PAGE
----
Fred Diamond: Is there a chance that Colin Powell is going to be walking around today when we do the interview?
Sandy Lutton: Probably not today but he has been in the office and surprised us, so you never know around here who’s going to walk through the door.
Fred Diamond: For the people listening to today’s podcast, you really can feel the inspiration doing today’s podcast from the offices of the Washington Speakers Bureau. How did you first get into sales as a career?
Sandy Lutton: It actually all started for me when I was 14 years old and my parents said, “If you want to go buy these things and spend money, you’re going to have to make your own money.” so I found a job that would actually hire me at 14 and I went out door to door selling newspaper subscriptions for the local newspaper in my town.
Fred Diamond: Good for you. Pounding the pavement, selling newspaper subscriptions. What are some of the key lessons you learned from doing that that have stuck with you today?
Sandy Lutton: I would say don’t take rejection personally. We really got to listen to what people want and then either you can give them that or you can’t, depending on what you’re selling. Knowing that it’s really about what the customer wants ultimately. I also would say don’t oversell. I feel like we often get so focused on trying to sell the product and maybe we’re not doing enough listening to the customer and what their needs are.
Fred Diamond: How much outbound selling do you do versus in bound where people contact the Speaker Bureau for someone to come speak versus your people calling a university or calling an event manager?
Sandy Lutton: A lot of out bound. It’s a little of both but mostly out bound. It really depends on the speaker, a lot of speakers bring their own demand to the table or if they’re just new on the speaking circuit, they’re hot at that moment, they’re trending, we have to do less out bound, but over time they’ve got to stay relevant and we’ve got to help position their relevance.
It really requires us from a marketing standpoint to position them and their message and what the experience is to have them on your stage, and we’ve got to get on the phone and talk to customers about it, get in front of customers, understand what they’re looking for, who their audience is and what it is that they’re trying to achieve with that audience. It really requires us to be out bound in a proactive understanding what they need and be part of that planning process with them.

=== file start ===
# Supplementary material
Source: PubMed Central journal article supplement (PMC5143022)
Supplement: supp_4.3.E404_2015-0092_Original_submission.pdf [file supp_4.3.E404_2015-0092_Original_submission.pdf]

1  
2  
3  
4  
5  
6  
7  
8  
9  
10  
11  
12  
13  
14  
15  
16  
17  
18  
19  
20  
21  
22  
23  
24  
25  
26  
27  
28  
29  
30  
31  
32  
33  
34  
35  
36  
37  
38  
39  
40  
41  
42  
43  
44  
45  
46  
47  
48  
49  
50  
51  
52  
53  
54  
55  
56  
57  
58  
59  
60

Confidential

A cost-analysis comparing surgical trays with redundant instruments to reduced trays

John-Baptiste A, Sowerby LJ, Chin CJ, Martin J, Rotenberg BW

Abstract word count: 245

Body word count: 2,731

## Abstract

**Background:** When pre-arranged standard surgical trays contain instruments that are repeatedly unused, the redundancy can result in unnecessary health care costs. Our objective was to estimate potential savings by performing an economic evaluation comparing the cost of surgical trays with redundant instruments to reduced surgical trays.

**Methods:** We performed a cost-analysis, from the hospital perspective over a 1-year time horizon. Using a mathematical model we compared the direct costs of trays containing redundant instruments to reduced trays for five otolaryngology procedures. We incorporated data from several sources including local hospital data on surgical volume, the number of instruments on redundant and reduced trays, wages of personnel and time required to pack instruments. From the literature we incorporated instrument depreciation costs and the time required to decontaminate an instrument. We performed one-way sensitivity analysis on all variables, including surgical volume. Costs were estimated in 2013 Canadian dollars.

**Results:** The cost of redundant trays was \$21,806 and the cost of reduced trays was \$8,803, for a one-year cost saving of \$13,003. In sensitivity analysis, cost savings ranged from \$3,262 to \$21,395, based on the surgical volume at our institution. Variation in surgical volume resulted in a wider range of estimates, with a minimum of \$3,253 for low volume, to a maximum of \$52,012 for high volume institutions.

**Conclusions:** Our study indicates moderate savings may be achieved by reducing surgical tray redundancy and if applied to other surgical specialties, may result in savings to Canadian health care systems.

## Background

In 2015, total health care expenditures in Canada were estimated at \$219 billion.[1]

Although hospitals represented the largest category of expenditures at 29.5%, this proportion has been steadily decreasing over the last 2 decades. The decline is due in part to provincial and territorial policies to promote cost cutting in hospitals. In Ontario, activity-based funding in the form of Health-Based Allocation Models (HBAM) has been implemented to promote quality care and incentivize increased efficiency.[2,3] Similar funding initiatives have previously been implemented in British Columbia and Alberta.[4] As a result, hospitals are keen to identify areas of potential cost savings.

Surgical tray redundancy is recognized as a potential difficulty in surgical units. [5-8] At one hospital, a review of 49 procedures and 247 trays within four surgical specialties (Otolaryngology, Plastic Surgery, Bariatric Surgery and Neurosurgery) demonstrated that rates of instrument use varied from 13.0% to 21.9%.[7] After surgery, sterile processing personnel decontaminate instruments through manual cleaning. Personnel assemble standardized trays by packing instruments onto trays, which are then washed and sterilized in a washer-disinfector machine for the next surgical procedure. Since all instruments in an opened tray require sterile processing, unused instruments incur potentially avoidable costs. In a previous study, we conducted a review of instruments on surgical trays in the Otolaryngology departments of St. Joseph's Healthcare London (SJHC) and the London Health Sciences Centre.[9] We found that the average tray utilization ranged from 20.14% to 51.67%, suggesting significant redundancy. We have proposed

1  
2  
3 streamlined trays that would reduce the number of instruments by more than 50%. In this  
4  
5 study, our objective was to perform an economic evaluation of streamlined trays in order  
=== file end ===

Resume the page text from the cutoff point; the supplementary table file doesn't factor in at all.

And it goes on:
Fred Diamond: Interesting. For the people listening in, tell us a little more about the speaker business. Do you exclusively represent the speakers and you’re pitching them, or can anybody sell Colin Powell as a speaker?
Sandy Lutton: It’s a combination. We represent 230 speakers exclusively. Colin Powell is one of those that if you want him on your stage, you’re going to have to go through us to get him. There’s also hundreds and hundreds of other speakers that we also represent that other bureaus do as well. It’s really them looking for multiple outlets in order to get their message across.
Fred Diamond: Tell us what you are specifically an expert in. Tell us a little more about your area of brilliance.
Sandy Lutton: I would say that I’m a really good listener and I’m really focused on asking the right questions and trying to get as much out of my buyer, my customer as I possibly can. That’s the one thing I feel I do extremely well. I always tell my team, “We should be doing less talking. Ask questions and let them do the talking and really listen, and then figure out what is it that we can provide to deliver what they need.”
Fred Diamond: When someone’s looking for a speaker, give us a little insight into if you were listening to someone, what are they looking for? Is it someone just to motivate for an hour? I’m sure it’s across the board, but what typically do people want when they’re looking to pay a lot of money for a speaker?
Sandy Lutton: It’s an experience. You really need to understand what experience they want the audience to have, you want to understand who’s in the audience. Is it your investors? Is it your employees? Are you trying to grow the company, are you trying to change a culture and you need someone who can talk about culture change and the positives and the negatives? It’s so important to hear what people have done well but it’s also more important to hear where they have failed and why it’s OK to fail and what you learn. It really comes around to the audience and what you’re trying to move them to do.
Fred Diamond: How many of your customers call and say, “I need someone who can speak on culture change” as compared to – I keep referring to Colin Powell, but, “I want Colin Powell.”?
Sandy Lutton: Right. Often people do call and say, “I just want a name, a figurehead on stage.” But we really try to drill down deeper into that and try to understand, because not every speaker is always available so it’s best for us to understand what is it that you’re trying to accomplish, and it can be something as simple as culture change. It could be, “I’ve got to grow the company and I need my entire employee base to become sales people and to someone who can motivate that.” Also could just be a pick-me-up, a feel-good, “We’ve had a great year and we want to celebrate and I want to reward my team.”